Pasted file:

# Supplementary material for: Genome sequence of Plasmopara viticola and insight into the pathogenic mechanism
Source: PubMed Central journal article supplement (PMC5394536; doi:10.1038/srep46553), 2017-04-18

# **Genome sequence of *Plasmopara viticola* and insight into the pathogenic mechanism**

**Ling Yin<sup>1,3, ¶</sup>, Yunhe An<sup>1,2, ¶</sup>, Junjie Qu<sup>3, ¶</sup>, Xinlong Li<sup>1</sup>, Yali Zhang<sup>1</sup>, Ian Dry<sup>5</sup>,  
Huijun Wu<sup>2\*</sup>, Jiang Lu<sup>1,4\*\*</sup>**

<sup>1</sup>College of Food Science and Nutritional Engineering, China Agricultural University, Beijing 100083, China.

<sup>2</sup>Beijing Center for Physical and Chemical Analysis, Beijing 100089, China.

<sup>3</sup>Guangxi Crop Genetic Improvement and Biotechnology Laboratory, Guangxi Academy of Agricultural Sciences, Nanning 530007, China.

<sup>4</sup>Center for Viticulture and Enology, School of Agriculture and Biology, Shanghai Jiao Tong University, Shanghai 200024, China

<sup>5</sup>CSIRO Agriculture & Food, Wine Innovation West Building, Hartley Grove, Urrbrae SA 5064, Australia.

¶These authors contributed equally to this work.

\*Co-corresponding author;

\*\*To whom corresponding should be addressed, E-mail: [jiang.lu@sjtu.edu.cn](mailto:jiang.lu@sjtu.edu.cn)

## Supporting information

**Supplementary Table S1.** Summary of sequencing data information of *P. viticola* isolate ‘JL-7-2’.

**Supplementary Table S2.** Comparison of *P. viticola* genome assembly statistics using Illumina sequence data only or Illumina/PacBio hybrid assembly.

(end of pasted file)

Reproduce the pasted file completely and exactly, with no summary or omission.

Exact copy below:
# Supplementary material for: Genome sequence of Plasmopara viticola and insight into the pathogenic mechanism
Source: PubMed Central journal article supplement (PMC5394536; doi:10.1038/srep46553), 2017-04-18

# **Genome sequence of *Plasmopara viticola* and insight into the pathogenic mechanism**

**Ling Yin<sup>1,3, ¶</sup>, Yunhe An<sup>1,2, ¶</sup>, Junjie Qu<sup>3, ¶</sup>, Xinlong Li<sup>1</sup>, Yali Zhang<sup>1</sup>, Ian Dry<sup>5</sup>,  
Huijun Wu<sup>2\*</sup>, Jiang Lu<sup>1,4\*\*</sup>**

<sup>1</sup>College of Food Science and Nutritional Engineering, China Agricultural University, Beijing 100083, China.

<sup>2</sup>Beijing Center for Physical and Chemical Analysis, Beijing 100089, China.

<sup>3</sup>Guangxi Crop Genetic Improvement and Biotechnology Laboratory, Guangxi Academy of Agricultural Sciences, Nanning 530007, China.

<sup>4</sup>Center for Viticulture and Enology, School of Agriculture and Biology, Shanghai Jiao Tong University, Shanghai 200024, China

<sup>5</sup>CSIRO Agriculture & Food, Wine Innovation West Building, Hartley Grove, Urrbrae SA 5064, Australia.

¶These authors contributed equally to this work.

\*Co-corresponding author;

\*\*To whom corresponding should be addressed, E-mail: [jiang.lu@sjtu.edu.cn](mailto:jiang.lu@sjtu.edu.cn)

## Supporting information

**Supplementary Table S1.** Summary of sequencing data information of *P. viticola* isolate ‘JL-7-2’.

**Supplementary Table S2.** Comparison of *P. viticola* genome assembly statistics using Illumina sequence data only or Illumina/PacBio hybrid assembly.